If you want to fetch and merge at the same time-which is convenient but allows for less flexibility-you can run this command:

$ git pull origin <branch-name>

Git Stash

Imagine you’re in the middle of working on a feature branch, but you suddenly need to switch to another branch for a bug fix. Instead of committing unfinished changes or losing them, you can use Git stash to temporarily save your modifications. This lets you to switch to the bug fix branch, address the issue, and then return to your feature branch and apply the saved stash to continue working from where you left off.

To stash your changes, run the following command:

 $ git stash save "Stash message"

To see a list of your stashes, you can use the command:

$ git stash list

When you're ready to apply your stashed changes back to your working directory, use the command:

$ git stash apply

If you have multiple stashes, you can specify a specific stash using its ID or index (git stash apply stash@{2}).

If you no longer need a stash, you can remove it from your stash list by running:

$ git stash drop

To apply a stash and remove it from the stash list in one step, you can use the command:

$ git stash pop

This is equivalent to running git stash apply followed by git stash drop for the most recent stash.

Git Rebase

Say you have been working on a feature branch for a while, but during that time, the main branch has had several new commits. Before merging your feature branch, you can use Git rebase to incorporate the latest changes from the main branch into your branch. This makes sure your feature branch is up to date and avoids potential conflicts during the merge process.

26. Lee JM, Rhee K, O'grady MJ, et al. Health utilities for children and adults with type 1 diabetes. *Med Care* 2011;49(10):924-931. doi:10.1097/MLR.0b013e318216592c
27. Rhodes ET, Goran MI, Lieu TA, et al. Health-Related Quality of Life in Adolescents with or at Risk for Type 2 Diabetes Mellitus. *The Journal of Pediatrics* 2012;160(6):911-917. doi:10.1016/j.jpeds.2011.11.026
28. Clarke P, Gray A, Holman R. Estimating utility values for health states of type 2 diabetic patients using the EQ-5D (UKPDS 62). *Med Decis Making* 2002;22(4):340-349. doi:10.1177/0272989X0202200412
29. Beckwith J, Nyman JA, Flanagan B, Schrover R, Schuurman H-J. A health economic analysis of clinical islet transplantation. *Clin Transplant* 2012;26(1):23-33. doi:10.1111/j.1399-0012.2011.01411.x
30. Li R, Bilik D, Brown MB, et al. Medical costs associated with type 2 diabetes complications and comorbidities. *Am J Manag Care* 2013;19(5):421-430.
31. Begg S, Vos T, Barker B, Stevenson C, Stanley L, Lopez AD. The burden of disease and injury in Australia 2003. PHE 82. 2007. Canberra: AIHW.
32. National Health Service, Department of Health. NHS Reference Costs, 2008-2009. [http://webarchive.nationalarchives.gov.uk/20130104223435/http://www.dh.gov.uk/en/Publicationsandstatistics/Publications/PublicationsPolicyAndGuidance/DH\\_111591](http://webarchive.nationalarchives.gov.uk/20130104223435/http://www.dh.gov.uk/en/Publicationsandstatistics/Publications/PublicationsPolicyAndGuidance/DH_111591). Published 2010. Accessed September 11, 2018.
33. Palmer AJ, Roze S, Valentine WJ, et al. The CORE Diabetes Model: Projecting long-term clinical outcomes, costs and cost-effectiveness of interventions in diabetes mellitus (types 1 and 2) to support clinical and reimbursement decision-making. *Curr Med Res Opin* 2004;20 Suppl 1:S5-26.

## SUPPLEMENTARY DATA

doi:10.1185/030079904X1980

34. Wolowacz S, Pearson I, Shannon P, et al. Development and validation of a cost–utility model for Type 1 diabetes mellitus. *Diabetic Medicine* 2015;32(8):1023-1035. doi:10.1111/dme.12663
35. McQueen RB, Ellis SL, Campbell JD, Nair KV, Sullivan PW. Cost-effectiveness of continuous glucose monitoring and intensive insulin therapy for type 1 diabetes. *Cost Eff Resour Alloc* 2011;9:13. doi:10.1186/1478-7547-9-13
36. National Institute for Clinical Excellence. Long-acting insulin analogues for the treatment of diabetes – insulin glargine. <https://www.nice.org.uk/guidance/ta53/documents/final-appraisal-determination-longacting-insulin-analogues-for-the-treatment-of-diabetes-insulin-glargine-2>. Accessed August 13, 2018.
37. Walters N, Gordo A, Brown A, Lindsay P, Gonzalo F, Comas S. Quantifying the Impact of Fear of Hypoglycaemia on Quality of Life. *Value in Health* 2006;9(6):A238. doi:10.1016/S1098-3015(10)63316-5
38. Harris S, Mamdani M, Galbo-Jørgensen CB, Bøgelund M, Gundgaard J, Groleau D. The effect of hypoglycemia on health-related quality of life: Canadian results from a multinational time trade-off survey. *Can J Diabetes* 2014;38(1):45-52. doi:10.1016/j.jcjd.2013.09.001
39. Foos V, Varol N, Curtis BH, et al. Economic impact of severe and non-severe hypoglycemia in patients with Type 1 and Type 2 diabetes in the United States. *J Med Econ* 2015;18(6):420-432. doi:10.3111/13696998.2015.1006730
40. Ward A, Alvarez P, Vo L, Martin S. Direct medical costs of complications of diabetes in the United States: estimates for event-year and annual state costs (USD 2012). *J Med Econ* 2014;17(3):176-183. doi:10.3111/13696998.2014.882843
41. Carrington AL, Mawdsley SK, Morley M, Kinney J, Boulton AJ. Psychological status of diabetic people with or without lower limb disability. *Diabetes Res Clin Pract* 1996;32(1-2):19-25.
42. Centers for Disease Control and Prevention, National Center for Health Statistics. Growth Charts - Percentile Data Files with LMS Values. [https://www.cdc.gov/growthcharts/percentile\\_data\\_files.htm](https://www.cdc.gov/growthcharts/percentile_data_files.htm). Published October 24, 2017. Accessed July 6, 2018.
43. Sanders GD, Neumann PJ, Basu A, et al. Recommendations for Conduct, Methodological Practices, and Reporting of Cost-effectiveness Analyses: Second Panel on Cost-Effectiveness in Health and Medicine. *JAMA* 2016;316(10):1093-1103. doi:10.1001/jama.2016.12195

Here's an overview of how to use Git rebase:

  1. Start a Rebase: To start a rebase, make sure you are on the branch that you want to apply the changes to (the target branch). Then, run the following command:
    $ git rebase <branch-name>

Make sure you replace <branch-name> with the name of the branch containing the commits you want to apply onto the target branch.

  1. Resolve Conflicts: During the rebase process, Git may encounter conflicts if there are conflicting changes between the commits being applied and the existing commits on the target branch. Git will pause the rebase and ask you to resolve these conflicts manually. You can use Git's conflict resolution tools, such as editing the conflicting files, selecting the desired changes, and using git add to mark the conflicts as resolved.

  2. Continue the Rebase: After resolving conflicts for a particular commit, you can continue the rebase process by running:

    $ git rebase --continue

This will apply the resolved commit and proceed with the remaining commits in the sequence.

  1. Abort the Rebase: If you decide to cancel the rebase, you can abort the rebase by running:
    $ git rebase --abort

This will revert your branch to its state before the rebase started.

It's important to note that Git rebase rewrites the commit history by applying the changes from one branch on top of another branch.

There’s a lot more that you can do with Git, and I know it might seem overwhelming, but think of it like a toolbox. There’s lots of different tools in there and you might only know how to use the screwdriver in the hammer, but as you progress through different projects, you can continue to learn how to use the other tools in there. And when you do, you’ll find that collaborating on projects becomes easier because you’re using the right tools.